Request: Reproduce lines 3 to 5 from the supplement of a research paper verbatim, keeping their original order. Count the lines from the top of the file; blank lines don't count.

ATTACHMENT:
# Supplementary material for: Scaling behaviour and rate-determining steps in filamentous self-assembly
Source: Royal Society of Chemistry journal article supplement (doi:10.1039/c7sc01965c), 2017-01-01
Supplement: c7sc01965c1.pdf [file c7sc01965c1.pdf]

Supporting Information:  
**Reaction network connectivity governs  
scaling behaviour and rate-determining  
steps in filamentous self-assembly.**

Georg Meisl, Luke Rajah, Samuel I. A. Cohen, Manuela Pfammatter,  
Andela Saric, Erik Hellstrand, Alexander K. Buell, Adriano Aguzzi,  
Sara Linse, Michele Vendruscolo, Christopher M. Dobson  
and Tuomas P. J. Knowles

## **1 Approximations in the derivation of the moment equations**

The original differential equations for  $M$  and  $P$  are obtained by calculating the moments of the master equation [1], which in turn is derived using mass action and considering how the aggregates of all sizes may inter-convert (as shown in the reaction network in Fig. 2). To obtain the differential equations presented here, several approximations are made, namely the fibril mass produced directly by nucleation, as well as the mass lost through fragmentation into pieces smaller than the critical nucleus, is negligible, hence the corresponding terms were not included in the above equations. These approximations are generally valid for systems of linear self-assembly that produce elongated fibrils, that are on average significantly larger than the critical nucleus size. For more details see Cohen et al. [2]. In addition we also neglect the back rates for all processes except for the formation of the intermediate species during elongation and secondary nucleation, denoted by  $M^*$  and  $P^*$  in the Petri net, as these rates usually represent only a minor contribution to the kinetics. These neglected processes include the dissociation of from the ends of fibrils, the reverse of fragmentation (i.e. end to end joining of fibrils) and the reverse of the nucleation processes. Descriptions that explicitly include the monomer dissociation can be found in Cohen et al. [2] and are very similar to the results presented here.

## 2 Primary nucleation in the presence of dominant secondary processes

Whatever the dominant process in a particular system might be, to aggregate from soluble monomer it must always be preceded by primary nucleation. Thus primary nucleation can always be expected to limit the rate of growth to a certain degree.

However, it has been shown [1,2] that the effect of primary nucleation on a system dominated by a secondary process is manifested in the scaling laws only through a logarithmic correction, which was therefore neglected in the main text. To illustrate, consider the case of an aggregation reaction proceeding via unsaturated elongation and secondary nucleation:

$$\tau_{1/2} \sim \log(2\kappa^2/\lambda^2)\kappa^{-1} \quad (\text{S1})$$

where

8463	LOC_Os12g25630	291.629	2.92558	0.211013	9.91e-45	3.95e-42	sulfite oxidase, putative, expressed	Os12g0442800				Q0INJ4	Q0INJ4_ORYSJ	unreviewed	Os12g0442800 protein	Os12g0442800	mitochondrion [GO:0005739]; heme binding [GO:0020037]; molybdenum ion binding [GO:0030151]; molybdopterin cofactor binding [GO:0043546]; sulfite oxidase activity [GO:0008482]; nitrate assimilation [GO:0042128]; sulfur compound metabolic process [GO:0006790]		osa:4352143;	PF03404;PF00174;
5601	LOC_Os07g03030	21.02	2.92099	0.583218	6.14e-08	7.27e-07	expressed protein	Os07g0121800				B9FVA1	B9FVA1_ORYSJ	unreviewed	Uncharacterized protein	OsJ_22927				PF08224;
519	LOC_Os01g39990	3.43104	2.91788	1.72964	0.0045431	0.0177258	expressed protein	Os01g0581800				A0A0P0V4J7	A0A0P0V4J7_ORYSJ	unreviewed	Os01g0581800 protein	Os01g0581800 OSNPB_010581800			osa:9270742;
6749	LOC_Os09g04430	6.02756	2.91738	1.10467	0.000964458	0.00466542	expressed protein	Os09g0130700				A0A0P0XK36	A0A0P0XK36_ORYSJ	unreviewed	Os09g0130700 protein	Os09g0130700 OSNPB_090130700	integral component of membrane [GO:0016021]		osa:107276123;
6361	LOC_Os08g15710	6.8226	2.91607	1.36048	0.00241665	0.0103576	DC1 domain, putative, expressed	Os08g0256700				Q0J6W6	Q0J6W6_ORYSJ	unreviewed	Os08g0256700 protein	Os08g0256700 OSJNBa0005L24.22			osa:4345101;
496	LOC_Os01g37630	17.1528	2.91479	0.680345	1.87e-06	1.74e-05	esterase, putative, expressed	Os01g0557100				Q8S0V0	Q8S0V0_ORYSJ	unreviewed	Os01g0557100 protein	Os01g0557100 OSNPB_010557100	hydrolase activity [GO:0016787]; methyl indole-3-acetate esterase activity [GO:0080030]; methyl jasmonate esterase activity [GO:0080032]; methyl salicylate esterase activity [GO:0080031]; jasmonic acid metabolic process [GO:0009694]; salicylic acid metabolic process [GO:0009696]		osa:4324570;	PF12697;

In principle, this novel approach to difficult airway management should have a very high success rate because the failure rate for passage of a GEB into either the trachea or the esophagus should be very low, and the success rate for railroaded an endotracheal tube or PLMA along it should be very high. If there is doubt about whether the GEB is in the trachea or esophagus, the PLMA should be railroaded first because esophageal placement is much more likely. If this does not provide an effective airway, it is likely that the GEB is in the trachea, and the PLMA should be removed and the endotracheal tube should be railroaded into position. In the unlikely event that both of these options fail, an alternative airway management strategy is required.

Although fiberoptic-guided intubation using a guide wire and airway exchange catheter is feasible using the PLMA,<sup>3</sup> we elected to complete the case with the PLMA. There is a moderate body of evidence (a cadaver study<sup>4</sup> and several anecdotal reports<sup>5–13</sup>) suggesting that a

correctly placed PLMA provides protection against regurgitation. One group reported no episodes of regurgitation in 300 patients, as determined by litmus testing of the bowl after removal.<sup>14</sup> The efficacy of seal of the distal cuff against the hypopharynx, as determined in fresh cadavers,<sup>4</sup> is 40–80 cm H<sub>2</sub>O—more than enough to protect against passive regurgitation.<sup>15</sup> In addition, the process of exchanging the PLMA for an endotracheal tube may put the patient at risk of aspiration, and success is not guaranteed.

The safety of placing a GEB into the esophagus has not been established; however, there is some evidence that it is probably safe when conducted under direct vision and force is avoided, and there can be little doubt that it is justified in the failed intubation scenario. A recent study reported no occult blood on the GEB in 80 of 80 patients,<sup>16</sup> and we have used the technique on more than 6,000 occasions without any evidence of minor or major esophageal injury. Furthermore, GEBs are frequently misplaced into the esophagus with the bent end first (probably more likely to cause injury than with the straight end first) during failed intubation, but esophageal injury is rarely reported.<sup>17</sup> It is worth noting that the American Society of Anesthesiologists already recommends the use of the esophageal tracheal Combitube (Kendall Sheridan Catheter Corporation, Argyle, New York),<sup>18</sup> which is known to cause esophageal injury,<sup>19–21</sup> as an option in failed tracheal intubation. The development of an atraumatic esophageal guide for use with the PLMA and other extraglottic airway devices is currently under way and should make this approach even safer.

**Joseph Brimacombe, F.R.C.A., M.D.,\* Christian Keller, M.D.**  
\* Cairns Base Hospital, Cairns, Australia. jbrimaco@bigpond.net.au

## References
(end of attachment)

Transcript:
Supplement: c7sc01965c1.pdf [file c7sc01965c1.pdf]

Supporting Information:  
**Reaction network connectivity governs  